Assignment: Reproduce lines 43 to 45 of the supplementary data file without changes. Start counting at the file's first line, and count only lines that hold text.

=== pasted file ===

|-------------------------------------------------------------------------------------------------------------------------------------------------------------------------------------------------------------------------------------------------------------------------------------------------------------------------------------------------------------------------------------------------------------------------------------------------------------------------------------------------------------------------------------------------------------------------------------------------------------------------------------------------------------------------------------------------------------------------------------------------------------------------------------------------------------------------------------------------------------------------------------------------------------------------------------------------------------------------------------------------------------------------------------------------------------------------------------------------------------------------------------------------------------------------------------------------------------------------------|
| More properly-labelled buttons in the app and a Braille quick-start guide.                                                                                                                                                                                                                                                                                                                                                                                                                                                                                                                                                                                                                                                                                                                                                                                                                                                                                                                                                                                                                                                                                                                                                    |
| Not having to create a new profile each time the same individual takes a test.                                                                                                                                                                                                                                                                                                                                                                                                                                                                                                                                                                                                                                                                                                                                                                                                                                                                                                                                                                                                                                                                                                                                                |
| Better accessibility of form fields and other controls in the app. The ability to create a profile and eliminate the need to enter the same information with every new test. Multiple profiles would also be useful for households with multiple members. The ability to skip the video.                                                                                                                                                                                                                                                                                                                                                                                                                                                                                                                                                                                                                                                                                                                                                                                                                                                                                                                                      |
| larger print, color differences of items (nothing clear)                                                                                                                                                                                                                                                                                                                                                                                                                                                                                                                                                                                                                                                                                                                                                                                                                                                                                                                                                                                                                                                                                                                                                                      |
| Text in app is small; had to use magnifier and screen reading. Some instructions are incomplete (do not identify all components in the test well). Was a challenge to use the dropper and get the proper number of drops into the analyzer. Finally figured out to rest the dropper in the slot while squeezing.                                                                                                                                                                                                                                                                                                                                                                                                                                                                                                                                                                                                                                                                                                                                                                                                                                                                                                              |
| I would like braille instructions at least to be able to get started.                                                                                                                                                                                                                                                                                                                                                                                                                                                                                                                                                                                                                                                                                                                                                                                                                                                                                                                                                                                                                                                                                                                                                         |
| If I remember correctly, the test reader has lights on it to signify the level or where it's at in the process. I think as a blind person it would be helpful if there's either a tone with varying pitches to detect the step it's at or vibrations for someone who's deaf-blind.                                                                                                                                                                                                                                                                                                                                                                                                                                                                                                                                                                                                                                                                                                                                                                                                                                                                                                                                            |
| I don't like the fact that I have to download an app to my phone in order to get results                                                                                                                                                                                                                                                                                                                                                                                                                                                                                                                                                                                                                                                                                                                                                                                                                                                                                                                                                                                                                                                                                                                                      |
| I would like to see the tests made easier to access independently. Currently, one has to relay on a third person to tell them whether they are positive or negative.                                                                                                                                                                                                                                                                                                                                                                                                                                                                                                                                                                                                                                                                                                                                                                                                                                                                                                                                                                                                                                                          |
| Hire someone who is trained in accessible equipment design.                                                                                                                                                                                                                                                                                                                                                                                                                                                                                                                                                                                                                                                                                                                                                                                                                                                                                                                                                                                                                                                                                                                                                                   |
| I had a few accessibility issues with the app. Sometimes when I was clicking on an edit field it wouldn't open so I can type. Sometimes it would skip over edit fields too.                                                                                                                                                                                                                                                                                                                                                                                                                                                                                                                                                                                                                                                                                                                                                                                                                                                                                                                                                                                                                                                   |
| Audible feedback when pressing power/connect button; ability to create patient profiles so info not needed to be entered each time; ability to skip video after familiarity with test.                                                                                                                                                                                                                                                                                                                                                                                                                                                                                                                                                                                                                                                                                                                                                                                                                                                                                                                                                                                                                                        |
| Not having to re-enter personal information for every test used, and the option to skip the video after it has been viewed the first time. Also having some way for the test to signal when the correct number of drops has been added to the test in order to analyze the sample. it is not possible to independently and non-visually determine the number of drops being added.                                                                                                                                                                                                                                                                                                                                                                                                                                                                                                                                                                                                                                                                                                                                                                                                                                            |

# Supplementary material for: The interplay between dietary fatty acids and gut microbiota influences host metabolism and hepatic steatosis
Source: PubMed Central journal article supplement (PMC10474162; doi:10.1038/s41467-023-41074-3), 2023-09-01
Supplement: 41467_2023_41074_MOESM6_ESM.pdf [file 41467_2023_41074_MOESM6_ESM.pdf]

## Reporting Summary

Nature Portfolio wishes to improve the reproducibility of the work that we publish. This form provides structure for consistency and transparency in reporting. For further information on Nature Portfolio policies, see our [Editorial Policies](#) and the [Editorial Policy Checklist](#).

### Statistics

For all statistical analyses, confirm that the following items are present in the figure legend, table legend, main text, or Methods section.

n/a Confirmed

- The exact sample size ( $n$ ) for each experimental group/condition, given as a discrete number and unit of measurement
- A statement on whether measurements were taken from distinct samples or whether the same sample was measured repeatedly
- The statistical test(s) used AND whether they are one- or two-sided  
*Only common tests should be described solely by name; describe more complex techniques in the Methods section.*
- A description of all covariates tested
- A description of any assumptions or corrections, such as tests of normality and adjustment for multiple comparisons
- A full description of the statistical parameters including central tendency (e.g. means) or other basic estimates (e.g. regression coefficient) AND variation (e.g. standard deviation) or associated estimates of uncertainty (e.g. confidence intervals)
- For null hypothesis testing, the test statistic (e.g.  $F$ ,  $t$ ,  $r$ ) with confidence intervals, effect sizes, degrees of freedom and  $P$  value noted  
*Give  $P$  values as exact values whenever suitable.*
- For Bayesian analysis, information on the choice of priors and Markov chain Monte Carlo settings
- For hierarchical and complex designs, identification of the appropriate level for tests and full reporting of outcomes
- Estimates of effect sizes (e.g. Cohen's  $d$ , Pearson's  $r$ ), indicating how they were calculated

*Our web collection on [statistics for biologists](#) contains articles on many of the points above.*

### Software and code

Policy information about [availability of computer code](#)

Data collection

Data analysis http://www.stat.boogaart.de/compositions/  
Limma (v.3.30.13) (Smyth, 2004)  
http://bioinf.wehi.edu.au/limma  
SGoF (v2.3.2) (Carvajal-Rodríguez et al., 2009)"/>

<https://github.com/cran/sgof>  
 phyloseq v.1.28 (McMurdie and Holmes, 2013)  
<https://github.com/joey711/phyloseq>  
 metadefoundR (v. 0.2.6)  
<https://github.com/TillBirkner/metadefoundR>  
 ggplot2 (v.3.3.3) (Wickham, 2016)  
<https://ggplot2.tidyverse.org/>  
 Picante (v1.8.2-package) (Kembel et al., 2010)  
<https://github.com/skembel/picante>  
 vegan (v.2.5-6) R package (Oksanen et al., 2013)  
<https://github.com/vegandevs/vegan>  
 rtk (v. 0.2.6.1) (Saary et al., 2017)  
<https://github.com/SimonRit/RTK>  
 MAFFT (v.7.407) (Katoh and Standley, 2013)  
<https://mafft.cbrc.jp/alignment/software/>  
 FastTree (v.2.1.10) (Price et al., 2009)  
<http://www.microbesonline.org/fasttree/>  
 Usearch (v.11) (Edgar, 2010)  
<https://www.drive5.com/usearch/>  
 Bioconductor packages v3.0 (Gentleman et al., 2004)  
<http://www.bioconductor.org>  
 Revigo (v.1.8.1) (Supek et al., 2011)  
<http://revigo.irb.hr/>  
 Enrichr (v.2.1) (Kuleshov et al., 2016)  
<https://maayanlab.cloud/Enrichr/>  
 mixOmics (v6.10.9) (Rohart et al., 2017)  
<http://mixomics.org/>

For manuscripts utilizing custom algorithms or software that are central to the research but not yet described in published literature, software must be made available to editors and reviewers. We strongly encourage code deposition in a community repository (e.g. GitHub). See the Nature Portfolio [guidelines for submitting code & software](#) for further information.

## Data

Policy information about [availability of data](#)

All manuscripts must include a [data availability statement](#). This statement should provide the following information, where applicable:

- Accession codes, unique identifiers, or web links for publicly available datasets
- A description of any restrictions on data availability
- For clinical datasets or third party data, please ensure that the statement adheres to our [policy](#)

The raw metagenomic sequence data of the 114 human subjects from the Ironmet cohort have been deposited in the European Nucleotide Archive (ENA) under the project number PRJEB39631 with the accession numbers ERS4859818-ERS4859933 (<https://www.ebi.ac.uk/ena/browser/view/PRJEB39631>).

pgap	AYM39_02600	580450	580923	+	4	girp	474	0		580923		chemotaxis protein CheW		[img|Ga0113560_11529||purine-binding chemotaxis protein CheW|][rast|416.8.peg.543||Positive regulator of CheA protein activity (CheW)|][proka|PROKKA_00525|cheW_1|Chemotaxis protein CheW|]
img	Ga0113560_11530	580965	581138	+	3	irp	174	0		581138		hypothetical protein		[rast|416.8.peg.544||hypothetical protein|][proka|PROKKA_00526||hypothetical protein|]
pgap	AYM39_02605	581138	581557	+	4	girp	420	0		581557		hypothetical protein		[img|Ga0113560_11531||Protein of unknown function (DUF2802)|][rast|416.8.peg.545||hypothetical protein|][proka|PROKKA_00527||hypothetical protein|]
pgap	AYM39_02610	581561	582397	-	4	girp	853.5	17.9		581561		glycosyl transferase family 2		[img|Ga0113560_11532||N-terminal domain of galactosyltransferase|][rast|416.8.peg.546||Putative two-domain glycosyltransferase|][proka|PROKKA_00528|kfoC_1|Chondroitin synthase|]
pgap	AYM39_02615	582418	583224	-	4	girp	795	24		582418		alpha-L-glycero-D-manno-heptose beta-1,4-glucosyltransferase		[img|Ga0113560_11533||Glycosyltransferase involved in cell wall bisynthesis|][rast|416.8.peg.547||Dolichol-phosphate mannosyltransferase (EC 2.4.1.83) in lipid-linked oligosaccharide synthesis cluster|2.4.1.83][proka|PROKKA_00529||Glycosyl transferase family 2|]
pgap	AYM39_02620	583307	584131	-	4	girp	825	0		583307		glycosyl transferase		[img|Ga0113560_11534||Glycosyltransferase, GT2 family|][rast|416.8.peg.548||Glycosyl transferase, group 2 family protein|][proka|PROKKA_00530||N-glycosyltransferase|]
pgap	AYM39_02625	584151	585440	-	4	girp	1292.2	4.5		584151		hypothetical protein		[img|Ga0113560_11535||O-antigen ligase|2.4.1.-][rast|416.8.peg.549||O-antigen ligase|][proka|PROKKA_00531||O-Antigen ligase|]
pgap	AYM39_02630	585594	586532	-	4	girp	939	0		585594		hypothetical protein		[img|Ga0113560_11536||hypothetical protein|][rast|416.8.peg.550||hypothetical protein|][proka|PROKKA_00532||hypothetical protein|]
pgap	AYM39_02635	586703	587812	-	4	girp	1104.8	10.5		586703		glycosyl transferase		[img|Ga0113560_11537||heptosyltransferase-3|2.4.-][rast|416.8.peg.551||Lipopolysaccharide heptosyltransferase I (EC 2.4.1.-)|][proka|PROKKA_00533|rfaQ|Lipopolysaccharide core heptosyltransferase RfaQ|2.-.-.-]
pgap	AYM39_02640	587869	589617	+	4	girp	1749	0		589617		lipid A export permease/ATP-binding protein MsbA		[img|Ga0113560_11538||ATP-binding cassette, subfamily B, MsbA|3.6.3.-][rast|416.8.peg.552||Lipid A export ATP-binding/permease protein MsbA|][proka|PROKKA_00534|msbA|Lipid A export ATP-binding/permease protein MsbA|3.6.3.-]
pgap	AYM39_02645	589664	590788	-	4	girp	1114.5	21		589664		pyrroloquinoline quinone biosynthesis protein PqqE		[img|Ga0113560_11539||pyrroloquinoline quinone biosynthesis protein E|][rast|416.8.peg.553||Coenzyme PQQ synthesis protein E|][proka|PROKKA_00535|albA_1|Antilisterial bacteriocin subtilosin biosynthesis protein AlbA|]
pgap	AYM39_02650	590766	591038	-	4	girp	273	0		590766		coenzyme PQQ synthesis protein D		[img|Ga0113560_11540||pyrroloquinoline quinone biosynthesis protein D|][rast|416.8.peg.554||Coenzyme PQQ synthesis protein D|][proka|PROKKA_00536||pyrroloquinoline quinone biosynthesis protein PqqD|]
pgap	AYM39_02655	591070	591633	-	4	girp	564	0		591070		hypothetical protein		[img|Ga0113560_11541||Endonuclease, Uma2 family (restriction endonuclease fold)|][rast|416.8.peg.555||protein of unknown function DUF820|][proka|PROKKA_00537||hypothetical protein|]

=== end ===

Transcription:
<https://github.com/cran/sgof>  
 phyloseq v.1.28 (McMurdie and Holmes, 2013)  
<https://github.com/joey711/phyloseq>  